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20 GENERAL EXERCISES
the Rt. Rev. Irving P. Johnston, Bishop Coadjutor of the Episcopal Diocese of Colorado, after referring to the hope of complete Christian unity said: "In the meantime, let us work together on our agreements." This is the mood that is making the progress of Christian unity in spirit and action. It is the unity of a division in the United States Army.
On the opening day of the Third Liberty Loan campaign, I watched the Fourth Division of the United States Army march through the streets of Charlotte, N. C. It was one division, but was made up of various units. As they swung past us we could tell by flags, uniforms and accoutrements the infantry, the artillery, the calvary, the signal corps, the ambulance, and the quartermaster's department. Each unit is distinct, but a part of the whole. Even so, the churches in most of the northern cities and some of the southern cities have formed themselves into inter-church organizations, generally called federations.
Since we entered the war the movement has gone forward more rapidly than ever before. In such an organization, we may liken the Baptists to the infantry, the Presbyterians to the cavalry, the Methodists to the artillery, the Episcopalians to the signal corps, and so down the line. When all the religious forces are thus mobilized they can fight as our men fight in France, co-ordinating all their efforts. As signal corps, artillery, infantry, all move to the battle with the precision of a stop watch; so the Christian forces must synchronize their attack upon the strong-holds of sin. When this is done with forethought and fearless advance, the religious forces of a city become an irresistible power against which the very gates of hell cannot stand.
The first duty is to mobilize the Protestant churches. This is coming to be increasingly easy, as there are about thirty cities of 75,000 population or more that are organized and have employed executive secretaries, who can act as the commanders of these divisions. Gradually the program of these federations has been standardized so that now there is no excuse for floundering around in experiments in Christian cooperation. Two things demand such co-operation. The removal of influences which militate against the church and home in the right development of our boys and girls, as well as against the best interest of every life, and the building up and strengthening of every influence, condition or institution that will make all living conditions better. That of course is a large program, but it is the one Jesus asked us to work for when we pray. "Thy kingdom come, Thy will be done one earth as it is in Heaven."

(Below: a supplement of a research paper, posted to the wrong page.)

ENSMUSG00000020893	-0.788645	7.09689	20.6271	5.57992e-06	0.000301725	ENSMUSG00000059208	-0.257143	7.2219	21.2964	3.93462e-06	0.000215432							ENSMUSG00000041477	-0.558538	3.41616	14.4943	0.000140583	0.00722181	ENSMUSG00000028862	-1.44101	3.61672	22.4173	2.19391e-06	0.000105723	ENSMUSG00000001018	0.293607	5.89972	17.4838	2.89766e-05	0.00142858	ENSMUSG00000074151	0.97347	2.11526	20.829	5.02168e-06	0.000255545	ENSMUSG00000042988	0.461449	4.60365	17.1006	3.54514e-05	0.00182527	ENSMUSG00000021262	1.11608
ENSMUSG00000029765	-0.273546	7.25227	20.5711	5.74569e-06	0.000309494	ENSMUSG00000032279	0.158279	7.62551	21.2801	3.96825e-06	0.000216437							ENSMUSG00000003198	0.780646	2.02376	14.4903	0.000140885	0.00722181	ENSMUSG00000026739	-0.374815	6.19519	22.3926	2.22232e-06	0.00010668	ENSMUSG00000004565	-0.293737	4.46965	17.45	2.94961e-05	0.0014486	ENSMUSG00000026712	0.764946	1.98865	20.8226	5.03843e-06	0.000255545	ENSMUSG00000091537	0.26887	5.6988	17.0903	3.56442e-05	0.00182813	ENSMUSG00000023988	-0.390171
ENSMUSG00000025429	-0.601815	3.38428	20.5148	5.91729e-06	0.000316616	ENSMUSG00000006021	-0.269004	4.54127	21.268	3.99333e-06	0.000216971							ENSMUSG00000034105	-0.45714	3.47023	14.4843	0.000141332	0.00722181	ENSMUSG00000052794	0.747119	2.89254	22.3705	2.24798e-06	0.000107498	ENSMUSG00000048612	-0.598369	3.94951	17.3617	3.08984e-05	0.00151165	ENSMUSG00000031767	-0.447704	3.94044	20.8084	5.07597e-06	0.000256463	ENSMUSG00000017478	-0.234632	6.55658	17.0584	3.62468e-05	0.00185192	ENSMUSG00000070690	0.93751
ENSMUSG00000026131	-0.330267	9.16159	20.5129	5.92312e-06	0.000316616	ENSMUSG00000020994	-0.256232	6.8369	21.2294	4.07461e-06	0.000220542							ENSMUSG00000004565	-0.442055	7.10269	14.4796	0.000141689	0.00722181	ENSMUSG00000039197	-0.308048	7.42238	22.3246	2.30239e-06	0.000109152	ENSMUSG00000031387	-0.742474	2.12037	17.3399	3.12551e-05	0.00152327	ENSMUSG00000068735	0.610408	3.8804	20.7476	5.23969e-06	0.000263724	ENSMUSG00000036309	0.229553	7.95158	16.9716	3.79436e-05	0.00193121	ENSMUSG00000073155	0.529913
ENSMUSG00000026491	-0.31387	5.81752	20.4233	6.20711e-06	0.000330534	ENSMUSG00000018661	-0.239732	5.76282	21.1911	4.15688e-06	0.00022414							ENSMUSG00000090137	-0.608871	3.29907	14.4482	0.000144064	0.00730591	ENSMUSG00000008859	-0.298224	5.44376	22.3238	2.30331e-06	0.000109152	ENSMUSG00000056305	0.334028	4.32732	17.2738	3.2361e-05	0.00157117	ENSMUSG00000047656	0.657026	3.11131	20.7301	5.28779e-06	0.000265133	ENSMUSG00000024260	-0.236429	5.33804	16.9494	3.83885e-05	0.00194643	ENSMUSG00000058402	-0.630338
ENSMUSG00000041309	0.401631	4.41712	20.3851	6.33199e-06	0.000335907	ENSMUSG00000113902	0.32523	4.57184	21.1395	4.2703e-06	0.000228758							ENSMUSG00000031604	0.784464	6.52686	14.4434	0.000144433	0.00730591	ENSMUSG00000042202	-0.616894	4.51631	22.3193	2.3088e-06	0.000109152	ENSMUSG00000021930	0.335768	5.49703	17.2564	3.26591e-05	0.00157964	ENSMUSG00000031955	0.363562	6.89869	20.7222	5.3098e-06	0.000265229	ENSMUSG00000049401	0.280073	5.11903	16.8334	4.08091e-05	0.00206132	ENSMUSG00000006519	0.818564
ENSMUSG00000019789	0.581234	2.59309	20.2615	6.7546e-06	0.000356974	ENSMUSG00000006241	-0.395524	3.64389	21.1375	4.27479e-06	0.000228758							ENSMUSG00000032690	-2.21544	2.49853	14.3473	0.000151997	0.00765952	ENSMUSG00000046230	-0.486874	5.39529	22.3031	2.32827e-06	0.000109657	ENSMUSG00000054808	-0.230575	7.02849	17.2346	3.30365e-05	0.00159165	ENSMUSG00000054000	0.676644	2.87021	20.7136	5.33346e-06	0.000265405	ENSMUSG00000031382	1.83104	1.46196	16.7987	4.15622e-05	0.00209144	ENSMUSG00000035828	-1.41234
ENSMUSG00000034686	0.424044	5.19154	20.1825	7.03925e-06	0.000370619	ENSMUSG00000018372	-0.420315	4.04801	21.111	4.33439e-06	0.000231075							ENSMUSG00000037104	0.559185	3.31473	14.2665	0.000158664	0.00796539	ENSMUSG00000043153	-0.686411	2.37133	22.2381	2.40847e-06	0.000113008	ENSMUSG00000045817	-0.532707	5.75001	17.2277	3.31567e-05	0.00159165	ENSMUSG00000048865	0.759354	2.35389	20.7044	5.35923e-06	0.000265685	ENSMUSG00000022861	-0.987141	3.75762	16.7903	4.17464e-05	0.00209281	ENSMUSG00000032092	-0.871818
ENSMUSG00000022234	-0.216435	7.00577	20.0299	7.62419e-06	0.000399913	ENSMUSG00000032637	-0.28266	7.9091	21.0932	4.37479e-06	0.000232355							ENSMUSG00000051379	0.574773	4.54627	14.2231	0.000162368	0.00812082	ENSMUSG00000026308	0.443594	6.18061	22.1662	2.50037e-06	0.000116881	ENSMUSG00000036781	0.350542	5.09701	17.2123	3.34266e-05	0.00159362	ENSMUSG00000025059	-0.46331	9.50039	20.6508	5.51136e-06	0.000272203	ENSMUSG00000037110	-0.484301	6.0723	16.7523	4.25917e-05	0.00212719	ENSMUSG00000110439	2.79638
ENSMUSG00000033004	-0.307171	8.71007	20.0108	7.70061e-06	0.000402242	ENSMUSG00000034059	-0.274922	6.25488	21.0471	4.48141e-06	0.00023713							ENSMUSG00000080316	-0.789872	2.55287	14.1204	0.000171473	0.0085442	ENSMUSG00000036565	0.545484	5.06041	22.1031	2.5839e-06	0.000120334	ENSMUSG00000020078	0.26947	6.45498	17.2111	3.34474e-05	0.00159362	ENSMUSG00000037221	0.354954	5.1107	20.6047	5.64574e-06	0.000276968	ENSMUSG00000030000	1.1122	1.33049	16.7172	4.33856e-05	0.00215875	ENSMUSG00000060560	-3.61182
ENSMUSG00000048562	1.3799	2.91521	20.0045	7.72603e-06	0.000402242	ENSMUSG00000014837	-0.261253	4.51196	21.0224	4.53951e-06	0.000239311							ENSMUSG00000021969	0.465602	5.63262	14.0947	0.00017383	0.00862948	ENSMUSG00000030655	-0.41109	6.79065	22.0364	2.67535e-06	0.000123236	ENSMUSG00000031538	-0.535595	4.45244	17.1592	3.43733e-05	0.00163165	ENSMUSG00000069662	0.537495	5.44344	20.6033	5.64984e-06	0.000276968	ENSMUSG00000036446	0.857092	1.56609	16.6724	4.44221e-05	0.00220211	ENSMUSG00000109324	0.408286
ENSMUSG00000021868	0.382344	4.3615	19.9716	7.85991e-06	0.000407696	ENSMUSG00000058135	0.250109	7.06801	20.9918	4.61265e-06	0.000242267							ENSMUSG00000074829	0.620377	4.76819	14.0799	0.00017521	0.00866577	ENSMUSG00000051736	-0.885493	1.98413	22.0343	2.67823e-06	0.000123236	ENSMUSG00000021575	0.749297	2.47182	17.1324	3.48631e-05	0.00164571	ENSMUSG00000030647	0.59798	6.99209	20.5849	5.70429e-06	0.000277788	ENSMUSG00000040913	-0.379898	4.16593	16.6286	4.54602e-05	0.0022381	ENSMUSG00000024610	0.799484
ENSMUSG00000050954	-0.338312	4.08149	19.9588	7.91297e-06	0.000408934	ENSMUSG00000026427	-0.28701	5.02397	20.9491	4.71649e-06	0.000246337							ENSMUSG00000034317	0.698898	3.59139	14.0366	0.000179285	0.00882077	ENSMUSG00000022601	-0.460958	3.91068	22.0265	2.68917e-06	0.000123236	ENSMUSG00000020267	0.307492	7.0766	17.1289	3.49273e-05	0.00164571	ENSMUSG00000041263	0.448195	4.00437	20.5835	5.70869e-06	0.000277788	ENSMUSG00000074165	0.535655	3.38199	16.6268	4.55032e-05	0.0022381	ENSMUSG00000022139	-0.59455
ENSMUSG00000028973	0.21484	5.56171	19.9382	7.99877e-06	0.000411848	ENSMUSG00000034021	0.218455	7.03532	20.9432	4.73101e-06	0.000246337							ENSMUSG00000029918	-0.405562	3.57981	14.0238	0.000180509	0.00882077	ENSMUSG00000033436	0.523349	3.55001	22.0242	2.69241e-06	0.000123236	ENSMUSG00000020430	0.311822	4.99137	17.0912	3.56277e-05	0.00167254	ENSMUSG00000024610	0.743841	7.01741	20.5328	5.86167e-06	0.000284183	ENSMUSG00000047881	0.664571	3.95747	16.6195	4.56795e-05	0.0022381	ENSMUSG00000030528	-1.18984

Interchurch Federations and Community Welfare
This program is increasingly being carried out by the churches cooperating with one another, and with organizations having to do with the community's life, whether that organization be the city government, the bureau of charities, the hospitals, the public schools, or what else. Co-operation, not duplication, is a basic principle. By such a plan the Pauline teaching, "Let no man seek his own but each his neigh•
bor's good," is made to read: "Let no church seek its own but each its neighbor's good." The new slogan for churchmen should be, "Let us be good neighbors for the good of the neighborhood." To carry out this program, a new religious order now numbering thirty and soon to pass into the hundreds has gradually come into existence. So well is this order established, there will be held this summer the first school for principles and methods of inter-church work.